Only two Republicans, Susan Collins of Maine and Lisa Murkowski of Alaska, voted against the procedural motion, though at least several other Republicans had been seen as possible holdouts. No Democrats voted in favor of the motion.
The debate to come will have broad implications for health care and households in every state.
Before senators cast their votes, protesters in the Senate gallery chanted, âKill the bill, donât kill us!â and âShame, shame, shame!â
While the Senate was voting and before Mr. McCain showed up on the Senate floor, the majority leader, Mitch McConnell of Kentucky, engaged in a prolonged and intense conversation with Senator Ron Johnson, Republican of Wisconsin. Mr. Johnson had been an early critic of Mr. McConnellâs repeal bill, and on Tuesday, he held back his vote for an excruciatingly long time.
As soon as Mr. McCain arrived and voted aye, Mr. Johnson cast a yes vote.
Despite his vote to move ahead, Mr. McCain offered harsh words for the secretive process by which Senate Republican leaders came up with their bill to repeal and replace the health measure, and he delivered a pessimistic take on its chances.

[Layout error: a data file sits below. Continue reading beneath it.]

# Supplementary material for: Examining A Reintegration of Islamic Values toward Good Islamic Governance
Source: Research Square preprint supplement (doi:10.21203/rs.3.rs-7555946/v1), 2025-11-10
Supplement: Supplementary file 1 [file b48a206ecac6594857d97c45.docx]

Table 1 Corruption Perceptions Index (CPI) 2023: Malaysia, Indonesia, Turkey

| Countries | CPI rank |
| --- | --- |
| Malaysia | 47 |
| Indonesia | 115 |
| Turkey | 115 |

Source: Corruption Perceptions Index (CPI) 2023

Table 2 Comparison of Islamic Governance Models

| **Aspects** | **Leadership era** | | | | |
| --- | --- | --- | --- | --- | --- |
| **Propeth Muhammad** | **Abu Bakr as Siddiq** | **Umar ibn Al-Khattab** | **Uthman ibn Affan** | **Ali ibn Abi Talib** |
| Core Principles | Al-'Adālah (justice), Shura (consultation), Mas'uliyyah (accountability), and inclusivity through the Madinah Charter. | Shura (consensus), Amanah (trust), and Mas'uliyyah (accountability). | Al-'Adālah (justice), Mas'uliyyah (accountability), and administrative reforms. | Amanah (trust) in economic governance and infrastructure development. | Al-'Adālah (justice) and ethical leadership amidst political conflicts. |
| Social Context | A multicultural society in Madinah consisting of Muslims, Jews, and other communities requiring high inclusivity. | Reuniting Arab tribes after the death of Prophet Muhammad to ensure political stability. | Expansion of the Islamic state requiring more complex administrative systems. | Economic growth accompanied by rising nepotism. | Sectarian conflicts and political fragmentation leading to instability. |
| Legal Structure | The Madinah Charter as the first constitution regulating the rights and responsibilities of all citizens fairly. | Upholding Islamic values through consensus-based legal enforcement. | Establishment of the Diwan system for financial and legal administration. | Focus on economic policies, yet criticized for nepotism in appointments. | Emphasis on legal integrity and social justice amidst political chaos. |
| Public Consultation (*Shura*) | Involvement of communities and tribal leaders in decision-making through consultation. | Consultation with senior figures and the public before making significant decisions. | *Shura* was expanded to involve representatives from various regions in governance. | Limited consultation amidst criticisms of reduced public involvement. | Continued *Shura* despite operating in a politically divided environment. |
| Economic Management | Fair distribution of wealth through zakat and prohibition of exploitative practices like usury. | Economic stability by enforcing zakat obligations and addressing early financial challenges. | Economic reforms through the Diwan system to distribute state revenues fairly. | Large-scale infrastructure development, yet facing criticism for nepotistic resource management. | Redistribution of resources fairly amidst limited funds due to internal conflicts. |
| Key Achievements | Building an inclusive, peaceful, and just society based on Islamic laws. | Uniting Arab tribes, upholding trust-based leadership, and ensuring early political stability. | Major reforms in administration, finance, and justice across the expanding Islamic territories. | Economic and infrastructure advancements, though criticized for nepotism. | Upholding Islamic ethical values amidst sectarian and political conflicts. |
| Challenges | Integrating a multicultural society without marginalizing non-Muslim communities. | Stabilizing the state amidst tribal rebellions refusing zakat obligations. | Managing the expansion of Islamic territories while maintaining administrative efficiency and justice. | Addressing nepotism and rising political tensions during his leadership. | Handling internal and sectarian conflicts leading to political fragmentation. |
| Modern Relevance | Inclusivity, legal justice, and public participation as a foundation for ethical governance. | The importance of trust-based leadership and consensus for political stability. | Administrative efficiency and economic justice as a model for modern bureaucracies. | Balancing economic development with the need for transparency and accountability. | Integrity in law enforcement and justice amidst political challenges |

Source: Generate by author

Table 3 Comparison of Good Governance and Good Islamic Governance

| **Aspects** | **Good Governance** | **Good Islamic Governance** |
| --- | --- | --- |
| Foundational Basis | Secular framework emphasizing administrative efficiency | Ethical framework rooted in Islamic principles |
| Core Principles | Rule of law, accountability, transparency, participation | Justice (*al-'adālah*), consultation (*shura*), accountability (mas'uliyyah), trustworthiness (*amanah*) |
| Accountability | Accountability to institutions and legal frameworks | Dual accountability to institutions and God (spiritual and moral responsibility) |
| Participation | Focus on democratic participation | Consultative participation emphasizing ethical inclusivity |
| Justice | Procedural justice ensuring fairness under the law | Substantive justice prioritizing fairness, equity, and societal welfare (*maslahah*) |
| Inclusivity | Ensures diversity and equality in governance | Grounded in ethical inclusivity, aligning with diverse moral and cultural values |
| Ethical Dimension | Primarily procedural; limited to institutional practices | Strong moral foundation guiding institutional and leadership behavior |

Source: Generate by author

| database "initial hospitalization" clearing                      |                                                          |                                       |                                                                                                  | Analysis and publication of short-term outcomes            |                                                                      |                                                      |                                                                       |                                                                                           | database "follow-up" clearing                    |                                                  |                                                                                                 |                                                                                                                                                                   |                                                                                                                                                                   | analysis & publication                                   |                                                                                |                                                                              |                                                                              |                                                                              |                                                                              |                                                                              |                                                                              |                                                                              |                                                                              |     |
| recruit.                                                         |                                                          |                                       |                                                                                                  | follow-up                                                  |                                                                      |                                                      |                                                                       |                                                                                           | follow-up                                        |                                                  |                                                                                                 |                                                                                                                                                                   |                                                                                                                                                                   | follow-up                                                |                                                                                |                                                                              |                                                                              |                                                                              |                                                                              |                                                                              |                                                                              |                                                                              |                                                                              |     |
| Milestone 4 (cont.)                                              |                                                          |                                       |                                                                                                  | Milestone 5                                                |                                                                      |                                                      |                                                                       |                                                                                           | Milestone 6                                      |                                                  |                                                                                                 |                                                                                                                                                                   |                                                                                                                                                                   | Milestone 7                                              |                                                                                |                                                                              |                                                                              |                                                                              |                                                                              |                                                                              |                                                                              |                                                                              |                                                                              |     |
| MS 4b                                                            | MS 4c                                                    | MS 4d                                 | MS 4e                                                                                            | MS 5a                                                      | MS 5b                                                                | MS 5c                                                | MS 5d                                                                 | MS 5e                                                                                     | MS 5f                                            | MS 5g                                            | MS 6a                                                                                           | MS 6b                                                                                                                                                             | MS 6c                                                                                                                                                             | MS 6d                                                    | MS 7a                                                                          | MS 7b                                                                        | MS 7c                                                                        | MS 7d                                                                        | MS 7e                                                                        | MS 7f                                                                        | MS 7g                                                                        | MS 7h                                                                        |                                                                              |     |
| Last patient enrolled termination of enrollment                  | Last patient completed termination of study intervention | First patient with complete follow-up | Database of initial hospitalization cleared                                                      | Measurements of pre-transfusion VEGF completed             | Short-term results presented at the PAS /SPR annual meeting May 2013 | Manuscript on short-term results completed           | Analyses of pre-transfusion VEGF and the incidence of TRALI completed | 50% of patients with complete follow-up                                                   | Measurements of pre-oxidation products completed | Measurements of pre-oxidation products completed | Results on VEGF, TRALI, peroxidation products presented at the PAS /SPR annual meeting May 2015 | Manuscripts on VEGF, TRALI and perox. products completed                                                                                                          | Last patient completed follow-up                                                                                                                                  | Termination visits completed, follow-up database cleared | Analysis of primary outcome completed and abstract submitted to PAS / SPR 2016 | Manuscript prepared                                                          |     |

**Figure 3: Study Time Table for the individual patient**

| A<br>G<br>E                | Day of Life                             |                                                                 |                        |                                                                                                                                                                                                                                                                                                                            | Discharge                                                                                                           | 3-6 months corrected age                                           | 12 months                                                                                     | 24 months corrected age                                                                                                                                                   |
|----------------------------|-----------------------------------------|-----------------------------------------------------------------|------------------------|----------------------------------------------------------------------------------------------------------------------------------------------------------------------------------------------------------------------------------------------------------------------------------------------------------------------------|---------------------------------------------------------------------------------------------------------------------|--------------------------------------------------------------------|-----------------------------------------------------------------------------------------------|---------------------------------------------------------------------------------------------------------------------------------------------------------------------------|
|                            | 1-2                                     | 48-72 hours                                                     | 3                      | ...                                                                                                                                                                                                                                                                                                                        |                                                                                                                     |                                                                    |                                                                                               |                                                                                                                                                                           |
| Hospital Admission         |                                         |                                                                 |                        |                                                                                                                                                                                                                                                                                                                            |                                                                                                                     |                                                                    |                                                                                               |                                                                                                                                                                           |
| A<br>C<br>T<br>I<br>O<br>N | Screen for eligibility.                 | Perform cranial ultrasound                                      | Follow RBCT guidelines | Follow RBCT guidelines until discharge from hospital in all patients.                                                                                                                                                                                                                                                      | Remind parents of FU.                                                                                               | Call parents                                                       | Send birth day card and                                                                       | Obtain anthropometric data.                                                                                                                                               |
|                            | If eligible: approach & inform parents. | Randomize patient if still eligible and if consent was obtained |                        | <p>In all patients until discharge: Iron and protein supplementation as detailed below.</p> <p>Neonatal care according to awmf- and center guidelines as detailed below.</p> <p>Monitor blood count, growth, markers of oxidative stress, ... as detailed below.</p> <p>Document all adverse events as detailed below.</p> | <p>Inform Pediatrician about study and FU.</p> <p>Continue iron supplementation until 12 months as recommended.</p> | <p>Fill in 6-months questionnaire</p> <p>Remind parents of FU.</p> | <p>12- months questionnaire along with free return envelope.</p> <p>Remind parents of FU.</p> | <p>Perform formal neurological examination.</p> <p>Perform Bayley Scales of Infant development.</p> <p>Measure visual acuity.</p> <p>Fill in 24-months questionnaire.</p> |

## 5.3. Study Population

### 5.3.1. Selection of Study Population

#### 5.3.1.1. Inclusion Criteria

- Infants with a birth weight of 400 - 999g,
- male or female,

âAsking us to swallow our doubts and force it past a unified opposition â I donât think thatâs going to work in the end, and probably shouldnât,â Mr. McCain said, adding that it âseems likelyâ that the current repeal effort will end in failure.
Arizona is one of the 31 states that expanded Medicaid under the Affordable Care Act, and Mr. McCainâs remarks could be an ominous sign for other senators from states that expanded Medicaid, including the junior Republican senator from his state, Jeff Flake.
âWe are ground zero for the failure of the exchanges, but we are also an expansion state,â Mr. Flake said. âI think all of us are concerned that we donât pull the rug out from people.â
Just before the Senate vote, the Democratic leader, Chuck Schumer of New York, made an impassioned plea to Republicans.